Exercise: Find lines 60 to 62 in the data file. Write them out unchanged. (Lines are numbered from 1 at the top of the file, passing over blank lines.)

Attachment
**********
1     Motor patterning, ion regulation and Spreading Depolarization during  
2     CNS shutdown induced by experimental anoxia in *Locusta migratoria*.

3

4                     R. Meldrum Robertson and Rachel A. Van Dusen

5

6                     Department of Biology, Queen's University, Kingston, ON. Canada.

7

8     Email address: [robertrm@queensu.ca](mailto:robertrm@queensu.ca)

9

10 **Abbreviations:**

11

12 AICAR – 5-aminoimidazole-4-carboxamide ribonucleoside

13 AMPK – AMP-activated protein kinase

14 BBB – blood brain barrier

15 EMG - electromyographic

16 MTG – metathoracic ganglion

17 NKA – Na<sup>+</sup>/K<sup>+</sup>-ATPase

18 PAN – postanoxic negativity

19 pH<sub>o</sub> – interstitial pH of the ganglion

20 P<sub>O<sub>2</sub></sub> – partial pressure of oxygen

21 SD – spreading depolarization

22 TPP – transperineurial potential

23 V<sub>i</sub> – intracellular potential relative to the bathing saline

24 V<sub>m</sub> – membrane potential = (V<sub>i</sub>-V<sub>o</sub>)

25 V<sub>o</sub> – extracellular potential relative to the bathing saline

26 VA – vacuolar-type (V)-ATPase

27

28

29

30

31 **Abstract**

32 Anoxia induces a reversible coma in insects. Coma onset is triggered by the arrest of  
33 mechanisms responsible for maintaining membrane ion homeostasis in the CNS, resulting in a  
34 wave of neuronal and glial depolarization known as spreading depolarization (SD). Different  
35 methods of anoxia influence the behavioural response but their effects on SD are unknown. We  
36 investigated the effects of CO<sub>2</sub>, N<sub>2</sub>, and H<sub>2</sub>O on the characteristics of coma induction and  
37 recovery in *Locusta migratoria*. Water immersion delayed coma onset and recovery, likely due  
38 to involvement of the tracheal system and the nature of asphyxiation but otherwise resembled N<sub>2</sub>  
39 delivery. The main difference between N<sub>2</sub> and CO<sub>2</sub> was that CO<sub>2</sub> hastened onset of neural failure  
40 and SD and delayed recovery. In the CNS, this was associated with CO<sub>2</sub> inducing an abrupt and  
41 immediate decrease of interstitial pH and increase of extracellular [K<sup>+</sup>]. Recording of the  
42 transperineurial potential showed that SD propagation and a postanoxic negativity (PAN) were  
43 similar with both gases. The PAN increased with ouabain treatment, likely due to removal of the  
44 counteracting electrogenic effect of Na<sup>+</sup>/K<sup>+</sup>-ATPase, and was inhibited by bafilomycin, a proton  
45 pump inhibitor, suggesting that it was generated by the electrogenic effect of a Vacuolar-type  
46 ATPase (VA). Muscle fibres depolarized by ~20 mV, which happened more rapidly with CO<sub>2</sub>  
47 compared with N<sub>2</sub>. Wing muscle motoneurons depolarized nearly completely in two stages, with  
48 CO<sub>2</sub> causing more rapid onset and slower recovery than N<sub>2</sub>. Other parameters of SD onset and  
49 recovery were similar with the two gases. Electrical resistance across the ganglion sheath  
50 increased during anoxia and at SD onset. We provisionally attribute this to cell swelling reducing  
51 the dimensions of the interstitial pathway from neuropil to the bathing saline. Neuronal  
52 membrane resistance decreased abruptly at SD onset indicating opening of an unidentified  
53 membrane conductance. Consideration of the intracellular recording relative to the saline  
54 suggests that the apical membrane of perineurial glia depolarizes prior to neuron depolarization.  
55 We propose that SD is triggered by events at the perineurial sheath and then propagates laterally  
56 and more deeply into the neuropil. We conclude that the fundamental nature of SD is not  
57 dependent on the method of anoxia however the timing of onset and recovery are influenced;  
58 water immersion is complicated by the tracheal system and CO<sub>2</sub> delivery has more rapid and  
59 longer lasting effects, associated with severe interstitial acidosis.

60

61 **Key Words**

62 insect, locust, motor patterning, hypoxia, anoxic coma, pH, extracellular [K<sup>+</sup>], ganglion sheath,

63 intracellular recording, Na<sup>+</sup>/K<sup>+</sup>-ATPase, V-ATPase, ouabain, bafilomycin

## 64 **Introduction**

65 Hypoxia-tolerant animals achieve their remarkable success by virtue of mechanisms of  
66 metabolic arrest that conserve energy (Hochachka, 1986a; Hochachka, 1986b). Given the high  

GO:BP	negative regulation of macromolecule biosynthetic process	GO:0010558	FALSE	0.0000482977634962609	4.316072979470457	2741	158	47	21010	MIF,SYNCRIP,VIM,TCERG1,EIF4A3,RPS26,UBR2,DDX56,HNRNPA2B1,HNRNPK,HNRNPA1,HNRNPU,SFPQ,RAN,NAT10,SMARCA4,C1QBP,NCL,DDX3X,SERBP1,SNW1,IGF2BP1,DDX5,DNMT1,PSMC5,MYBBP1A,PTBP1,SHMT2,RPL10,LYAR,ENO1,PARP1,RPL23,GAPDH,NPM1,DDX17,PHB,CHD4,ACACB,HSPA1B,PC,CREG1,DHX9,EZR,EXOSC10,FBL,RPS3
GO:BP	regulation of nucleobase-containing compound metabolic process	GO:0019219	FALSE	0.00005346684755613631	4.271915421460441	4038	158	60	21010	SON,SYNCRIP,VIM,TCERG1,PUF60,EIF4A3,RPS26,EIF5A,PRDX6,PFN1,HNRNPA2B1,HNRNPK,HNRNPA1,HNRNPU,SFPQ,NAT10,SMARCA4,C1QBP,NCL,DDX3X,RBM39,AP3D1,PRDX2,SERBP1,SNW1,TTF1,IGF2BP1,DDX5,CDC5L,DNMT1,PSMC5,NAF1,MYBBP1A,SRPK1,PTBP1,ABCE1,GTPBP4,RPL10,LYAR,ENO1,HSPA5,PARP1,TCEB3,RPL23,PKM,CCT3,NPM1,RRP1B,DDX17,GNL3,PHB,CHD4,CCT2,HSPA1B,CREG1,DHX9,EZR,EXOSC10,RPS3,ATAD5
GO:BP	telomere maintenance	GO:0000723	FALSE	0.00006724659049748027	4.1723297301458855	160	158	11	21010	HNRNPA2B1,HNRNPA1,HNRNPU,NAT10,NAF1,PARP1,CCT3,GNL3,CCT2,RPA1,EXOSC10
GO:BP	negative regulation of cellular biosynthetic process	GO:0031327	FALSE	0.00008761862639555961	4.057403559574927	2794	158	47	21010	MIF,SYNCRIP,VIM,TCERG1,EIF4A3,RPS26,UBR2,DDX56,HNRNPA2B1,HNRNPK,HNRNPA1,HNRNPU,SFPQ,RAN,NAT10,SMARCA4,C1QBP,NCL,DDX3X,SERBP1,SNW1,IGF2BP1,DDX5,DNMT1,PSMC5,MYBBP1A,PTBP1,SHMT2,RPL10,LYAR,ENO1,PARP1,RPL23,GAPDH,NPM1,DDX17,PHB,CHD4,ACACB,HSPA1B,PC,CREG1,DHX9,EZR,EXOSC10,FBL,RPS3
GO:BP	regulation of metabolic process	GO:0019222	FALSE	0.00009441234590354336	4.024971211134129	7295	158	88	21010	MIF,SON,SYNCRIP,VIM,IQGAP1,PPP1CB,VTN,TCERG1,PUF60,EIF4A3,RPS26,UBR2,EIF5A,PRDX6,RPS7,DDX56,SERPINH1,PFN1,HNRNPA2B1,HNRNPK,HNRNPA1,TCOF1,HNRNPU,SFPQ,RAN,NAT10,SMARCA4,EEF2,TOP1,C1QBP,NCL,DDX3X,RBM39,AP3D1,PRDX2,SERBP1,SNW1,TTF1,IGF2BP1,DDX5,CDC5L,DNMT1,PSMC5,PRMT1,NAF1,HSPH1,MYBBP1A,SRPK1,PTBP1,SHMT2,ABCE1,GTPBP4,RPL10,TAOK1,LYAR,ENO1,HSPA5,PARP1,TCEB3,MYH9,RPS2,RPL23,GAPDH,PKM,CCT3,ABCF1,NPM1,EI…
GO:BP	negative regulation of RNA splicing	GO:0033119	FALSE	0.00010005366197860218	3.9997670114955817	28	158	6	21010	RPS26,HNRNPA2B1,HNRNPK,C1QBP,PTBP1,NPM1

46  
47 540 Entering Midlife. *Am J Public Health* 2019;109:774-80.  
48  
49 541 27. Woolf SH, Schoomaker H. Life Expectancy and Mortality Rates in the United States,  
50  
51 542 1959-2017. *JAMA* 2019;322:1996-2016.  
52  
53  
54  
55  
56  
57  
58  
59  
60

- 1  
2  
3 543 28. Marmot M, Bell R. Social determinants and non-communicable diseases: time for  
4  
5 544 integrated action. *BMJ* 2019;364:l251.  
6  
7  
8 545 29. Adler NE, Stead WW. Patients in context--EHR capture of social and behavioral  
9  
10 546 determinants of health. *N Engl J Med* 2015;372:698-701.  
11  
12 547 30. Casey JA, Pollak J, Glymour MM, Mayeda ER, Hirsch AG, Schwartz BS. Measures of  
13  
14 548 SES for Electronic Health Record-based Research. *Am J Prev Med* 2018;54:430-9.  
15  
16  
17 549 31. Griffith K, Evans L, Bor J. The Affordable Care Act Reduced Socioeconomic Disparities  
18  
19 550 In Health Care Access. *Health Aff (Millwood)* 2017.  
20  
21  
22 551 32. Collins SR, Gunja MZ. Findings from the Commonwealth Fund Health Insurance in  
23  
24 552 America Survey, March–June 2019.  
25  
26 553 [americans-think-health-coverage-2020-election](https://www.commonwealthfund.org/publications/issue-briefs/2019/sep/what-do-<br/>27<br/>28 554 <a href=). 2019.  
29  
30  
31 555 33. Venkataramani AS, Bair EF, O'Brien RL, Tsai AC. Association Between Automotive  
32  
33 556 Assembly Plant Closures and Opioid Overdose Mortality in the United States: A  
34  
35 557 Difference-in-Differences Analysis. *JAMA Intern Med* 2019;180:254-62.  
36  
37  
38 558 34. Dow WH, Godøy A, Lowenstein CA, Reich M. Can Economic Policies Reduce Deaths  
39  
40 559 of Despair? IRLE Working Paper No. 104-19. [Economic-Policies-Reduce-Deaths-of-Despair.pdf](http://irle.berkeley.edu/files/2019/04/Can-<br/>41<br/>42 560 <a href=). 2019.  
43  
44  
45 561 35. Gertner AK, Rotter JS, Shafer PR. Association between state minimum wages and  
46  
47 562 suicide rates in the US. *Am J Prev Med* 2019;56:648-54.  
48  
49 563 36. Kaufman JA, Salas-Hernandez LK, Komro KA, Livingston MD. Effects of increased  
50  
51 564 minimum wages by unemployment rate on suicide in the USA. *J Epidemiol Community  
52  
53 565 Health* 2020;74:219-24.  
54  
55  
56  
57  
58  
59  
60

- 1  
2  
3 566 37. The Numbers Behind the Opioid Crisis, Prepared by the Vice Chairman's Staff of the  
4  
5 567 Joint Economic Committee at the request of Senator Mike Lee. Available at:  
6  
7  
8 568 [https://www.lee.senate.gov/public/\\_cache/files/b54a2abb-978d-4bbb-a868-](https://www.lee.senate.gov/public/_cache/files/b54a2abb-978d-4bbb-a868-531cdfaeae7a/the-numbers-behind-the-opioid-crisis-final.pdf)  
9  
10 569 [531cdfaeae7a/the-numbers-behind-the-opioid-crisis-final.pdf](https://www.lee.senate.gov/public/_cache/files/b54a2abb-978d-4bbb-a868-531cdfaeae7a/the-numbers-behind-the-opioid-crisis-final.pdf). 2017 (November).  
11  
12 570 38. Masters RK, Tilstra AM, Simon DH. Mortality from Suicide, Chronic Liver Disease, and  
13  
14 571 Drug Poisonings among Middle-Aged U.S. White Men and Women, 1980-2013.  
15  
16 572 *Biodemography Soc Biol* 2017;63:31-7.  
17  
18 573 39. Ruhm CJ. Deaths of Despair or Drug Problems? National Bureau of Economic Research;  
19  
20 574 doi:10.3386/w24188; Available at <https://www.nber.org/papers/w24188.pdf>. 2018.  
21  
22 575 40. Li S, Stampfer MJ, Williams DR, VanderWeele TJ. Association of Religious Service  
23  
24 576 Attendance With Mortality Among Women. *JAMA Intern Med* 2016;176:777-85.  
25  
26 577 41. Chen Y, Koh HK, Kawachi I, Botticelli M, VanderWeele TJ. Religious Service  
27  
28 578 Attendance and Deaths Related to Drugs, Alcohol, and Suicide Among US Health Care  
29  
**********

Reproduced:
60

61 **Key Words**

62 insect, locust, motor patterning, hypoxia, anoxic coma, pH, extracellular [K<sup>+</sup>], ganglion sheath,